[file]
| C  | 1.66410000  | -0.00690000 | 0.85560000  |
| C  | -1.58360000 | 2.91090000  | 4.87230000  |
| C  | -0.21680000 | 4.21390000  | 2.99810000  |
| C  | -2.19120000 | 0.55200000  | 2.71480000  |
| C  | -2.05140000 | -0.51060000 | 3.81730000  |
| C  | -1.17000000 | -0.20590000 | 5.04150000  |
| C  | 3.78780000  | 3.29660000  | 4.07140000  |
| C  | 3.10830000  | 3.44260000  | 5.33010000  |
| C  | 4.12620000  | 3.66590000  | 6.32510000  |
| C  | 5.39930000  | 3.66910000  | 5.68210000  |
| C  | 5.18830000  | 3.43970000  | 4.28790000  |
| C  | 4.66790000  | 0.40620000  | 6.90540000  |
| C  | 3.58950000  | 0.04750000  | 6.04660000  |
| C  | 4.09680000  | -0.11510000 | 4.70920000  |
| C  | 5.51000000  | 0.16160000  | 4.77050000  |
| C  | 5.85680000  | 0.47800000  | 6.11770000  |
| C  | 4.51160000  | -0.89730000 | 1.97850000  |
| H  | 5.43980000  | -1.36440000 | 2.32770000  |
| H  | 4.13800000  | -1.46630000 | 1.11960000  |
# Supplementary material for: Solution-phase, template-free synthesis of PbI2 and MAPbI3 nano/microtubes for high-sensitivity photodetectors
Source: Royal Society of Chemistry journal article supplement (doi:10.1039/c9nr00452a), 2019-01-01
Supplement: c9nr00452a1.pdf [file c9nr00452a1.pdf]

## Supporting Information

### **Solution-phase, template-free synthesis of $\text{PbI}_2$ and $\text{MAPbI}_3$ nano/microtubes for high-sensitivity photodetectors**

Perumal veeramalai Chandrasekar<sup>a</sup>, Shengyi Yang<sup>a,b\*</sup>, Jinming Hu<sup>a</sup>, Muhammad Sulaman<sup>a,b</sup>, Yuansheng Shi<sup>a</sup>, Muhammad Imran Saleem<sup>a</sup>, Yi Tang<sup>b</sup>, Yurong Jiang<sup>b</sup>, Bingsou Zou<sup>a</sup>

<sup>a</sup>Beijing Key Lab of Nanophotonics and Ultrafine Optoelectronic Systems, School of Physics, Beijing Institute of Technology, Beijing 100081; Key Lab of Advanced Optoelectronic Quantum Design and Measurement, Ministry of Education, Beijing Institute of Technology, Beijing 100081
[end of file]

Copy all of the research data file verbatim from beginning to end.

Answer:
| C  | 1.66410000  | -0.00690000 | 0.85560000  |
| C  | -1.58360000 | 2.91090000  | 4.87230000  |
| C  | -0.21680000 | 4.21390000  | 2.99810000  |
| C  | -2.19120000 | 0.55200000  | 2.71480000  |
| C  | -2.05140000 | -0.51060000 | 3.81730000  |
| C  | -1.17000000 | -0.20590000 | 5.04150000  |
| C  | 3.78780000  | 3.29660000  | 4.07140000  |
| C  | 3.10830000  | 3.44260000  | 5.33010000  |
| C  | 4.12620000  | 3.66590000  | 6.32510000  |
| C  | 5.39930000  | 3.66910000  | 5.68210000  |
| C  | 5.18830000  | 3.43970000  | 4.28790000  |
| C  | 4.66790000  | 0.40620000  | 6.90540000  |
| C  | 3.58950000  | 0.04750000  | 6.04660000  |
| C  | 4.09680000  | -0.11510000 | 4.70920000  |
| C  | 5.51000000  | 0.16160000  | 4.77050000  |
| C  | 5.85680000  | 0.47800000  | 6.11770000  |
| C  | 4.51160000  | -0.89730000 | 1.97850000  |
| H  | 5.43980000  | -1.36440000 | 2.32770000  |
| H  | 4.13800000  | -1.46630000 | 1.11960000  |
# Supplementary material for: Solution-phase, template-free synthesis of PbI2 and MAPbI3 nano/microtubes for high-sensitivity photodetectors
Source: Royal Society of Chemistry journal article supplement (doi:10.1039/c9nr00452a), 2019-01-01
Supplement: c9nr00452a1.pdf [file c9nr00452a1.pdf]

## Supporting Information

### **Solution-phase, template-free synthesis of $\text{PbI}_2$ and $\text{MAPbI}_3$ nano/microtubes for high-sensitivity photodetectors**

Perumal veeramalai Chandrasekar<sup>a</sup>, Shengyi Yang<sup>a,b\*</sup>, Jinming Hu<sup>a</sup>, Muhammad Sulaman<sup>a,b</sup>, Yuansheng Shi<sup>a</sup>, Muhammad Imran Saleem<sup>a</sup>, Yi Tang<sup>b</sup>, Yurong Jiang<sup>b</sup>, Bingsou Zou<sup>a</sup>

<sup>a</sup>Beijing Key Lab of Nanophotonics and Ultrafine Optoelectronic Systems, School of Physics, Beijing Institute of Technology, Beijing 100081; Key Lab of Advanced Optoelectronic Quantum Design and Measurement, Ministry of Education, Beijing Institute of Technology, Beijing 100081